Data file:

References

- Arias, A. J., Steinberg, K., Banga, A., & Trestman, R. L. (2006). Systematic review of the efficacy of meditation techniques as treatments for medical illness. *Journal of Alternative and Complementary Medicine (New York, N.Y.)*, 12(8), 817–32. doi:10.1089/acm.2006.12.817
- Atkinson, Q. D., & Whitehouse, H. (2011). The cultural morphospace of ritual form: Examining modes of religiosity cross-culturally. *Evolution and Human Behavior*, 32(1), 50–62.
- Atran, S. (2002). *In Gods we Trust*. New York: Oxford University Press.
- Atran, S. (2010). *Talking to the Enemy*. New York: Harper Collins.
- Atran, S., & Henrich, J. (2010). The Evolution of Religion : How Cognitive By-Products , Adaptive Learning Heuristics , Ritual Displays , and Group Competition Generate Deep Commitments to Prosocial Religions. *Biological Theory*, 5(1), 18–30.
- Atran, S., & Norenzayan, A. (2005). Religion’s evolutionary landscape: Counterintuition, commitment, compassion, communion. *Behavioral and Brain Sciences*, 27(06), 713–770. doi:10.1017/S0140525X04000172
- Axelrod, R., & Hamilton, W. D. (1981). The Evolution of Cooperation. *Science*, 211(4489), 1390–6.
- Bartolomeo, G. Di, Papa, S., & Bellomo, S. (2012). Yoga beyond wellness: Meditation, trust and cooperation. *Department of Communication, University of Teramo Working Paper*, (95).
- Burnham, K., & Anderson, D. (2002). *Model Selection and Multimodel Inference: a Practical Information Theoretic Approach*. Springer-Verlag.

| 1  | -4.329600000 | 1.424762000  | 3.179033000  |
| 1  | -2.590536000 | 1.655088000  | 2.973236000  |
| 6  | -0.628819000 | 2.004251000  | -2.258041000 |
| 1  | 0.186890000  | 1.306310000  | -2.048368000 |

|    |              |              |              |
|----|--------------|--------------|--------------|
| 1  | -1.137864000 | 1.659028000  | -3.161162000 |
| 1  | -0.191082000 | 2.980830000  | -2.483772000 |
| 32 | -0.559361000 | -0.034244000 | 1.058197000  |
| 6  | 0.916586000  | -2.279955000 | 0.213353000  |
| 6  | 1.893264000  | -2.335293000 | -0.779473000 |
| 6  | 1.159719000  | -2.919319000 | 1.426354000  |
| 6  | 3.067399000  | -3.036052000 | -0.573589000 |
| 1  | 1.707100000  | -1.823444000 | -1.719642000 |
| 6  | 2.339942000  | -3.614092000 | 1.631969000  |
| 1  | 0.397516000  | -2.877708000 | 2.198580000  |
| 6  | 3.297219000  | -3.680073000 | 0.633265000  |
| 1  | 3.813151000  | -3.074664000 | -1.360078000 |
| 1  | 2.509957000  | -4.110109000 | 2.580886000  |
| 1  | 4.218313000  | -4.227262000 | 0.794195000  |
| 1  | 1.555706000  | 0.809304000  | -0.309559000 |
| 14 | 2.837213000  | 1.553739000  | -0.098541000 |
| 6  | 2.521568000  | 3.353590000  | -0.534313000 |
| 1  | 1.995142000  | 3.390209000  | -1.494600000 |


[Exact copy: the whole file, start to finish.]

References

- Arias, A. J., Steinberg, K., Banga, A., & Trestman, R. L. (2006). Systematic review of the efficacy of meditation techniques as treatments for medical illness. *Journal of Alternative and Complementary Medicine (New York, N.Y.)*, 12(8), 817–32. doi:10.1089/acm.2006.12.817
- Atkinson, Q. D., & Whitehouse, H. (2011). The cultural morphospace of ritual form: Examining modes of religiosity cross-culturally. *Evolution and Human Behavior*, 32(1), 50–62.
- Atran, S. (2002). *In Gods we Trust*. New York: Oxford University Press.
- Atran, S. (2010). *Talking to the Enemy*. New York: Harper Collins.
- Atran, S., & Henrich, J. (2010). The Evolution of Religion : How Cognitive By-Products , Adaptive Learning Heuristics , Ritual Displays , and Group Competition Generate Deep Commitments to Prosocial Religions. *Biological Theory*, 5(1), 18–30.
- Atran, S., & Norenzayan, A. (2005). Religion’s evolutionary landscape: Counterintuition, commitment, compassion, communion. *Behavioral and Brain Sciences*, 27(06), 713–770. doi:10.1017/S0140525X04000172
- Axelrod, R., & Hamilton, W. D. (1981). The Evolution of Cooperation. *Science*, 211(4489), 1390–6.
- Bartolomeo, G. Di, Papa, S., & Bellomo, S. (2012). Yoga beyond wellness: Meditation, trust and cooperation. *Department of Communication, University of Teramo Working Paper*, (95).
- Burnham, K., & Anderson, D. (2002). *Model Selection and Multimodel Inference: a Practical Information Theoretic Approach*. Springer-Verlag.

| 1  | -4.329600000 | 1.424762000  | 3.179033000  |
| 1  | -2.590536000 | 1.655088000  | 2.973236000  |
| 6  | -0.628819000 | 2.004251000  | -2.258041000 |
| 1  | 0.186890000  | 1.306310000  | -2.048368000 |

|    |              |              |              |
|----|--------------|--------------|--------------|
| 1  | -1.137864000 | 1.659028000  | -3.161162000 |
| 1  | -0.191082000 | 2.980830000  | -2.483772000 |
| 32 | -0.559361000 | -0.034244000 | 1.058197000  |
| 6  | 0.916586000  | -2.279955000 | 0.213353000  |
| 6  | 1.893264000  | -2.335293000 | -0.779473000 |
| 6  | 1.159719000  | -2.919319000 | 1.426354000  |
| 6  | 3.067399000  | -3.036052000 | -0.573589000 |
| 1  | 1.707100000  | -1.823444000 | -1.719642000 |
| 6  | 2.339942000  | -3.614092000 | 1.631969000  |
| 1  | 0.397516000  | -2.877708000 | 2.198580000  |
| 6  | 3.297219000  | -3.680073000 | 0.633265000  |
| 1  | 3.813151000  | -3.074664000 | -1.360078000 |
| 1  | 2.509957000  | -4.110109000 | 2.580886000  |
| 1  | 4.218313000  | -4.227262000 | 0.794195000  |
| 1  | 1.555706000  | 0.809304000  | -0.309559000 |
| 14 | 2.837213000  | 1.553739000  | -0.098541000 |
| 6  | 2.521568000  | 3.353590000  | -0.534313000 |
| 1  | 1.995142000  | 3.390209000  | -1.494600000 |